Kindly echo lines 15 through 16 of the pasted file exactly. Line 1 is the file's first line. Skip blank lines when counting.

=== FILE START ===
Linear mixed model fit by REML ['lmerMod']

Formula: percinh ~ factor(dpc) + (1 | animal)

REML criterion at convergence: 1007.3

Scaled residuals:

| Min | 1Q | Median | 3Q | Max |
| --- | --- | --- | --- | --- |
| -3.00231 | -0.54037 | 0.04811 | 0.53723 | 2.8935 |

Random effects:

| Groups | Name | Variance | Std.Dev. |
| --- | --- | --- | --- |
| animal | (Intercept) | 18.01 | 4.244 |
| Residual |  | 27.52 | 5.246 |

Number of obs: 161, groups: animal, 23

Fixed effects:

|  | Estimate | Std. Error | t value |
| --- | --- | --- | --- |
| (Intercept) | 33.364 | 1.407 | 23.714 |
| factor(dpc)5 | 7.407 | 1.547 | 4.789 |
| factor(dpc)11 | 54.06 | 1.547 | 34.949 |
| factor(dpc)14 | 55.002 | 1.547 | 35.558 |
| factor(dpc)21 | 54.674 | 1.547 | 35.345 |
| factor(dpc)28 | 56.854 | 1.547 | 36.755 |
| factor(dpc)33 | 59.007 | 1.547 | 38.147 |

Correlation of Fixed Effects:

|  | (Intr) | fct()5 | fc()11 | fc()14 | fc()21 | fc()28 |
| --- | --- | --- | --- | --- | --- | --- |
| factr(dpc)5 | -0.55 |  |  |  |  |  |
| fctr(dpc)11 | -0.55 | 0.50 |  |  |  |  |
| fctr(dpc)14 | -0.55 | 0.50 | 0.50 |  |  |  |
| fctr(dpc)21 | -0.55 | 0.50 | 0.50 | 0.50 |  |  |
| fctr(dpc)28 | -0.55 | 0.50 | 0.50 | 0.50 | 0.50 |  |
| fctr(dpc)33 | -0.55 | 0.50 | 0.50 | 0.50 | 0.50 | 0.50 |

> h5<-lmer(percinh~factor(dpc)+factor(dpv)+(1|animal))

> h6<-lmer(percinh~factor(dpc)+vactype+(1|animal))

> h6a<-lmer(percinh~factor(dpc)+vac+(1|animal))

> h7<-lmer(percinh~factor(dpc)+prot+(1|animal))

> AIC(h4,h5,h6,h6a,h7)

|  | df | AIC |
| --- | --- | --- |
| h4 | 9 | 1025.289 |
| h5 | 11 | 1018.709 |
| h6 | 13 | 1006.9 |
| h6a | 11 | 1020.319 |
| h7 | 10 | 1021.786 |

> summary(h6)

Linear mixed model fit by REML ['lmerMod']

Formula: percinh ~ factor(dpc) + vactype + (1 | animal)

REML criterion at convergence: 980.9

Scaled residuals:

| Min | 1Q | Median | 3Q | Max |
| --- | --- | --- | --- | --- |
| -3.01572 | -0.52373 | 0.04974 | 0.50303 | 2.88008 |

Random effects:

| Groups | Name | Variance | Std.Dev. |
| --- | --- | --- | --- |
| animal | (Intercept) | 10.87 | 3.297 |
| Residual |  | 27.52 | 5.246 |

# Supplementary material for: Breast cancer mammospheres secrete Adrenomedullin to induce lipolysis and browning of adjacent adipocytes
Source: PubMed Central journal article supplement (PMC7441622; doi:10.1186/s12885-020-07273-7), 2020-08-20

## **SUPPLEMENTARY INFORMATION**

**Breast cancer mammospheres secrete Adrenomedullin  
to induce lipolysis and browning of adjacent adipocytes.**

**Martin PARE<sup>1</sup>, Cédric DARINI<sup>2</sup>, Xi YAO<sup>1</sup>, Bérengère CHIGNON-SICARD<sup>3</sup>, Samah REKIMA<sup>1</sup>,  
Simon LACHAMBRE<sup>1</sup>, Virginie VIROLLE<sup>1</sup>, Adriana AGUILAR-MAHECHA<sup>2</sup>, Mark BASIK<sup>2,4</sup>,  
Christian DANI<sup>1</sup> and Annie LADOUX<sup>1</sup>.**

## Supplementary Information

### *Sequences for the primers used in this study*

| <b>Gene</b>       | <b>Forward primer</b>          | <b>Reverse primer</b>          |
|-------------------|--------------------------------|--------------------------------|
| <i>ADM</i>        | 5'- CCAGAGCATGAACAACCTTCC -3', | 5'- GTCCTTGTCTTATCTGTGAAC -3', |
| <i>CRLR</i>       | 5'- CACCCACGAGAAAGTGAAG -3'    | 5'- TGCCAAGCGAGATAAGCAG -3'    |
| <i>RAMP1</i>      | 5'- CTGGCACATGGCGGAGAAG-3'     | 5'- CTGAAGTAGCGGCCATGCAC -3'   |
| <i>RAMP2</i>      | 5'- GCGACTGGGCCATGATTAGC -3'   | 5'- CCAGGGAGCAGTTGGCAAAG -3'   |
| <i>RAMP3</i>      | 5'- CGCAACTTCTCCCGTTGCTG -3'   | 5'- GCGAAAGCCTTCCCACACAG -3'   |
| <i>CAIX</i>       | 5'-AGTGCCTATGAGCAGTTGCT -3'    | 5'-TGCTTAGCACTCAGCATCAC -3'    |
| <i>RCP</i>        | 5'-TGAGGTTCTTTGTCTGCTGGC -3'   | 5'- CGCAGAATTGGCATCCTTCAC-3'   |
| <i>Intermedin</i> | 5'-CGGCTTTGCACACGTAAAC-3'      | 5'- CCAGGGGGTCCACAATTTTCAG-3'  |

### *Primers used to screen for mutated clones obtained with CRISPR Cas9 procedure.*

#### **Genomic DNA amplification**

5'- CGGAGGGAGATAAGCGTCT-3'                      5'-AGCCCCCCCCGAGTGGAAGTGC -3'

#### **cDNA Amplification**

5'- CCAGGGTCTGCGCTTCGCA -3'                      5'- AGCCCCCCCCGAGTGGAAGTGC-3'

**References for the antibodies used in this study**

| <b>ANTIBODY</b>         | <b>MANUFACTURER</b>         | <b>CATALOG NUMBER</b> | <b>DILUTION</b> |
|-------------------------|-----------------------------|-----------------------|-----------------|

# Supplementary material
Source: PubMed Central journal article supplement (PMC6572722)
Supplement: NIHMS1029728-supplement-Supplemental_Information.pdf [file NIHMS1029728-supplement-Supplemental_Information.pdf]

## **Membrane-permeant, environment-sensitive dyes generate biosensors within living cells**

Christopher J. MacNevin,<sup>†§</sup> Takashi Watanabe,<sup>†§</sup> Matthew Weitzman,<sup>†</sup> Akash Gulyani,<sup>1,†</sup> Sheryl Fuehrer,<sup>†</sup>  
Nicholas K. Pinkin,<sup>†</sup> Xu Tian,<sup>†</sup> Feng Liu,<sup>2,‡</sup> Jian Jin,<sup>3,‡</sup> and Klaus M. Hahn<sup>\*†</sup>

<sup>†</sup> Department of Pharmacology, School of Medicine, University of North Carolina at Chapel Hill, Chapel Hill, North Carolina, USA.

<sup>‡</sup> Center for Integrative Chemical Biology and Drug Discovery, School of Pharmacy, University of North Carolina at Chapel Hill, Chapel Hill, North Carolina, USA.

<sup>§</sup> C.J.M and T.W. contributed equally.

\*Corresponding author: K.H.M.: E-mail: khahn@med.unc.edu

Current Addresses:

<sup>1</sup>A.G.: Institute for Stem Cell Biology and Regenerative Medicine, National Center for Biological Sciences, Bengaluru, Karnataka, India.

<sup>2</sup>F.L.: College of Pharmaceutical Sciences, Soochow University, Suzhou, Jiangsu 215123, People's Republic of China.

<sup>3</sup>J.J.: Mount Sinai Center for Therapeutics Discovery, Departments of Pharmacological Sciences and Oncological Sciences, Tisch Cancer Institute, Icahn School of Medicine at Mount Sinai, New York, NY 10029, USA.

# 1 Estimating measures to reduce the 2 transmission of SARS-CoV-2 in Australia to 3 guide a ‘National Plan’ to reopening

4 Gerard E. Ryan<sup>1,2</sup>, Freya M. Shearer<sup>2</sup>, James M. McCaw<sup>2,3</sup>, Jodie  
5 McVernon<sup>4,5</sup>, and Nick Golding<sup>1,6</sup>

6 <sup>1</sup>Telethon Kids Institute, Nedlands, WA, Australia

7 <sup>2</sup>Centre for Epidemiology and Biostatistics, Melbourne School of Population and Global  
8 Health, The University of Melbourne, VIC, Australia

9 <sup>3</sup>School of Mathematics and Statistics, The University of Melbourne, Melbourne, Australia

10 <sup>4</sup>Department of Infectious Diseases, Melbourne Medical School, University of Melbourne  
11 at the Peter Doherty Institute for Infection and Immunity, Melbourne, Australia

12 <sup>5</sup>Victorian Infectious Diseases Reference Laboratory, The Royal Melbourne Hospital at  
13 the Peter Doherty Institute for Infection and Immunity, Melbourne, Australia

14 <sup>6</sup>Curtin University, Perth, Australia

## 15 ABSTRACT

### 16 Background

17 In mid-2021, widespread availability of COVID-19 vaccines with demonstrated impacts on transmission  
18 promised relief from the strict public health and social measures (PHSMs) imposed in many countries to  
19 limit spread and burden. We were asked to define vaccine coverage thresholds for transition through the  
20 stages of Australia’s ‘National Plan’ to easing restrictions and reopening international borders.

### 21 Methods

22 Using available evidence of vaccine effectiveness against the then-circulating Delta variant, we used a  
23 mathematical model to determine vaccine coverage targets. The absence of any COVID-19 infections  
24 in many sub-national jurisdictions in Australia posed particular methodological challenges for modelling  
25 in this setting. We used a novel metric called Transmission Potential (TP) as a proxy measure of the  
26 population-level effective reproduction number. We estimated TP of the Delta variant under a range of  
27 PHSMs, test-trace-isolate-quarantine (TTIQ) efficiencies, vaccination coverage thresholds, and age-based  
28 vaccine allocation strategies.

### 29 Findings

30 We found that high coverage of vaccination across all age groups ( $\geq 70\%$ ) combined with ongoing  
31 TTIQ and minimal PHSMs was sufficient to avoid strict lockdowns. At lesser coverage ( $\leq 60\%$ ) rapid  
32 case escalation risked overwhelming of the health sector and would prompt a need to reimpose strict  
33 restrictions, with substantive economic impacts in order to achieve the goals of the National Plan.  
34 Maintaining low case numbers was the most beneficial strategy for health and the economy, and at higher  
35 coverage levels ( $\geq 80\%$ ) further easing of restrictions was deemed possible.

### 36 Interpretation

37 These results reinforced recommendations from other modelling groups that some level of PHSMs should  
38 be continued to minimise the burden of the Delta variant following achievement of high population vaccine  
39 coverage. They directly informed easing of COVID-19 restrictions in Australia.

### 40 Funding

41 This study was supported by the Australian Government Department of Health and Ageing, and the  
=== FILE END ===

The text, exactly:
|  | Estimate | Std. Error | t value |
| --- | --- | --- | --- |